Mercy College Way Back When

A look at the school's rich, impressive history.


Published:

Published earlier this year, Mercy College: Yesterday and Today looks back on the founding, by the Sisters of Mercy in 1950, and evolution of Dobbs Ferry’s private, not-for-profit Mercy College up until the present, including significant changes in leadership, as well as student life and athletics. 

Co-authored by School of Education Assistant Professor Eric Martone and School of Liberal Arts Assistant Professor Michael Perrota, the book explores the college’s 1969 metamorphosis into an independent, coeducational, and nonsectarian institute of higher learning, now with undergrad and graduate programs in five schools at campuses around the metropolitan area.

“Mercy’s history is rich and engaging,” said Martone in a statement about the title. “During the course of working on this book, I became especially fascinated by how the College’s history intertwined not only with that of the local community, but also with major events and figures in broader American and global history.” Here, he shares some insight on a few key images that appear in Yesterday and Today:  

“During the 1970s and 1980s,” Martone says, “Mercy College expanded dramatically, establishing branch campuses and extension centers throughout the New York metropolitan region. Mercy still didn’t have dorms and, as a result, remained a locally focused institution and was often involved in community service and events, like in this photo,” which depicts students marching in a Westchester Columbus Day parade in the ’70s. 

“As the College began to grow in the 1970s and early 1980s, it wanted to develop a campus to go with the College Building [now known as Main Hall],” Martone says. “It then moved into Irvington and began to purchase piece-by-piece the buildings that comprised the former Mount Mercy complex; as the Sisters of Mercy declined in numbers, they began to periodically sell off parcels of property. By the time of this photo in the late 1980s, the Dobbs Ferry campus had almost reached the size that it is today.”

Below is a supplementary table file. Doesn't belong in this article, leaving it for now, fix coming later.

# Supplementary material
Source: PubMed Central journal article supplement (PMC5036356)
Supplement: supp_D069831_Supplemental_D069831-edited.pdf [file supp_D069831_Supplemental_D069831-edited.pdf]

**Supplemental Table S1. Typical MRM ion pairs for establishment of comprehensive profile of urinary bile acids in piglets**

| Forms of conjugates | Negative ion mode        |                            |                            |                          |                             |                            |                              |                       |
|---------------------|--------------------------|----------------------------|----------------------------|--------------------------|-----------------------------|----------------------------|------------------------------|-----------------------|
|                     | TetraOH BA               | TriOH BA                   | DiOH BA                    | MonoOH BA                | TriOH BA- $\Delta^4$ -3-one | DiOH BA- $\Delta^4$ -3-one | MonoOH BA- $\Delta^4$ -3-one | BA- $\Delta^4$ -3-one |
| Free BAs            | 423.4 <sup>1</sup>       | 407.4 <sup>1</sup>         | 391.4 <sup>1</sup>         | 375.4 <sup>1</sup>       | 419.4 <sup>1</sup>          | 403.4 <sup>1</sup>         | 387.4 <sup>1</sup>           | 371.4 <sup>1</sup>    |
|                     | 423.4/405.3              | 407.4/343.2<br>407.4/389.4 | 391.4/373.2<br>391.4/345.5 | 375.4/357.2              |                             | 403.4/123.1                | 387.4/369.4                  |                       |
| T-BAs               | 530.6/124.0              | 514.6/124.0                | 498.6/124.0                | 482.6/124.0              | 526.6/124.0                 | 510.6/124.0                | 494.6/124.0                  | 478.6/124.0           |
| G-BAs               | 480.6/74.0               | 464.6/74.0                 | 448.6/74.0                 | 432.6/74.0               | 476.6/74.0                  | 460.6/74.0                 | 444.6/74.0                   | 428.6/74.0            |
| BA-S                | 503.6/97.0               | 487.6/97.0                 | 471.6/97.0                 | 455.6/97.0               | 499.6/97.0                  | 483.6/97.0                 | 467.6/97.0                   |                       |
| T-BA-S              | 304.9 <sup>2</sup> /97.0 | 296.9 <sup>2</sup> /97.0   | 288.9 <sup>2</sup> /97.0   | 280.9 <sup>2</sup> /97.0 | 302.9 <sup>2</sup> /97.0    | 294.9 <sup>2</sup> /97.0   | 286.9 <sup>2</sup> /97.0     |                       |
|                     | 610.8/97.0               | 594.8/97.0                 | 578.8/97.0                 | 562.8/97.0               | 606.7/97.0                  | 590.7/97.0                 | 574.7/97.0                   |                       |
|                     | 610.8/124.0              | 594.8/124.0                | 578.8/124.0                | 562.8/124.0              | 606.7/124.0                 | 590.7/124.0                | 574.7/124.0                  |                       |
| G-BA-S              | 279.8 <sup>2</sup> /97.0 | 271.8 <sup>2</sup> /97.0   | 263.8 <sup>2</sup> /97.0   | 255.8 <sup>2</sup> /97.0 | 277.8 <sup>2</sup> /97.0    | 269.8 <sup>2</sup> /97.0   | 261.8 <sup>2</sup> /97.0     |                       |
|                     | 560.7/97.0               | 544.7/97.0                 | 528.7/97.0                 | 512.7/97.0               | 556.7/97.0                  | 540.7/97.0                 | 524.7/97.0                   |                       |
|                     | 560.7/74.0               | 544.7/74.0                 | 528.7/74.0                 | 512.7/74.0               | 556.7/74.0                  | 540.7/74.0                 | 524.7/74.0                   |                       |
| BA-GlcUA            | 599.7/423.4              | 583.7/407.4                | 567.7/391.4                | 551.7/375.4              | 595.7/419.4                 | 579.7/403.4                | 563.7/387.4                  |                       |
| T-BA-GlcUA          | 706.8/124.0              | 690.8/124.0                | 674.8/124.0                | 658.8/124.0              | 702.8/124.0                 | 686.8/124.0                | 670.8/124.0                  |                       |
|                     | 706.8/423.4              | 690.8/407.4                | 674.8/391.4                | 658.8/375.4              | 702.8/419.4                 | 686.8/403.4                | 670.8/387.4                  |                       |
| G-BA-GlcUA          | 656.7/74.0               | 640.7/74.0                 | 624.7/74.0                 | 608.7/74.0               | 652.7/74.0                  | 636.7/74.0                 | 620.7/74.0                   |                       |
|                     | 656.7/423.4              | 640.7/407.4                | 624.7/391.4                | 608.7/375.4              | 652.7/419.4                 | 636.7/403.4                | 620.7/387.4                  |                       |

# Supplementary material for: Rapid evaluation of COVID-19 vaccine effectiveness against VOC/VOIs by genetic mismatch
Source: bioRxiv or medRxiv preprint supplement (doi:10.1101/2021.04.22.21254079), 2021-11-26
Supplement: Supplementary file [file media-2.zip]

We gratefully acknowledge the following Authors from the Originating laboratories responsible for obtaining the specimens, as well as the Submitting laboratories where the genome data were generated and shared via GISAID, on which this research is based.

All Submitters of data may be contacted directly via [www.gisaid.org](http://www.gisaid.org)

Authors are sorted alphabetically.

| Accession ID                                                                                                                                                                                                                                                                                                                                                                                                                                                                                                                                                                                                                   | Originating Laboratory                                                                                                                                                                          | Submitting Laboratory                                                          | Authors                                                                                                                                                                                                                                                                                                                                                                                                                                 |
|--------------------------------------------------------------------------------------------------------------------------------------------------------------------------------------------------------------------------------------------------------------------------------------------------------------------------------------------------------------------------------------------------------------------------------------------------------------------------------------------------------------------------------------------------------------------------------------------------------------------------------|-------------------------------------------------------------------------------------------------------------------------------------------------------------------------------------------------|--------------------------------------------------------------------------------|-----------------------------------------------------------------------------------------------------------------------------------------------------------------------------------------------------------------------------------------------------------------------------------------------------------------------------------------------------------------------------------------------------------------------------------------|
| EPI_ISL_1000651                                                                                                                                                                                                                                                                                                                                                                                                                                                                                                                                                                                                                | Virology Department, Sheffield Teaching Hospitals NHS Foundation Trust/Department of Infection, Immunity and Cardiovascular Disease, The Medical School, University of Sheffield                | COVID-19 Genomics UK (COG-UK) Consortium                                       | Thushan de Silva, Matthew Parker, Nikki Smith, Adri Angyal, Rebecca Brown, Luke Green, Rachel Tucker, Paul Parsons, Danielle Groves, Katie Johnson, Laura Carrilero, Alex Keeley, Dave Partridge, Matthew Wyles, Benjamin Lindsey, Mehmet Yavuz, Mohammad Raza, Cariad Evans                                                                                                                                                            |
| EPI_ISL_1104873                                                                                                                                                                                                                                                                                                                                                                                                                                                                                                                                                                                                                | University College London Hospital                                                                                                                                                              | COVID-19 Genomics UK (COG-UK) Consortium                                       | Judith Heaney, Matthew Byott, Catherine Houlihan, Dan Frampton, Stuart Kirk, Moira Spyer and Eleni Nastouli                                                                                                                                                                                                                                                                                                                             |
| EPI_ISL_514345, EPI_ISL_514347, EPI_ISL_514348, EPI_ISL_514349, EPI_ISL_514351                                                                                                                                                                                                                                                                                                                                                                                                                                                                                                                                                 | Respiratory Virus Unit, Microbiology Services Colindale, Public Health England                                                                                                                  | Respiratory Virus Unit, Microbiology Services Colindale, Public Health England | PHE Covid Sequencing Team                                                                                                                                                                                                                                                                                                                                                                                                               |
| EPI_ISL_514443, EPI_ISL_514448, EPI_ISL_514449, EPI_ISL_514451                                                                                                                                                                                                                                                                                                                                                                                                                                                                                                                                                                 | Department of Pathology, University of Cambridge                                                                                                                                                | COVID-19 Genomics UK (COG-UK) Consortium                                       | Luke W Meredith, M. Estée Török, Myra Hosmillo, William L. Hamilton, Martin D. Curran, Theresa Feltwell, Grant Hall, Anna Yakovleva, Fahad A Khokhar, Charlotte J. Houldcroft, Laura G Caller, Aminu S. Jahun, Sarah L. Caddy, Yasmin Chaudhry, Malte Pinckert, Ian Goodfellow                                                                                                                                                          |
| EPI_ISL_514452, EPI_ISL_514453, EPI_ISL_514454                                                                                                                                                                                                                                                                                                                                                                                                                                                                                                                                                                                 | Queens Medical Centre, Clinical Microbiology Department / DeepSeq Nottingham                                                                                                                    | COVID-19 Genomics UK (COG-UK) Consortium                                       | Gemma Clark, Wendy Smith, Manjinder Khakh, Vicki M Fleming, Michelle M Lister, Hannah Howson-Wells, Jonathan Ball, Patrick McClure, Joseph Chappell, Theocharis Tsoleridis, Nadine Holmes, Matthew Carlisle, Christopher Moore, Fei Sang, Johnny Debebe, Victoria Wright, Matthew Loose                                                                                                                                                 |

“This early-1960s photo of Main Hall was used for the cover,” Martone says. Mercy, which “began as a junior college to educate younger members of [the founders’] religious order,” was relaunched by the Sisters as a four-year private liberal arts college for women in 1961, moving from Tarrytown to Dobbs Ferry—property once owned by Jay Gould heir Edwin Gould. The move was facilitated by the Rockefellers, who “bought the Sisters’ property and gave them an additional $1.6 million to construct a new complex,” says Martone. “The complex, known as Mount Mercy-on-the-Hudson, served as the order’s residence and administrative center, as well as the site of ‘Mercy College’—then only one building. Main Hall is still the primary building on Mercy’s main campus.” 

“This is the Sisters of Mercy’s original site in Tarrytown—next door to the Rockefeller family’s Kykuit estate—is where the College was founded in 1950,” Martone says. At the time, “There was no formal building devoted to the College. Mercy College’s first classes were held in the Sisters’ residence in the back-right area of the house, which was, incidentally, the former home of Ambrose Kingsland, former mayor of New York City who launched the creation of Central Park.”


All photos from Mercy College: Yesterday and Today, available for purchase at local stores and online at historypress.net and amazon.com

 

 

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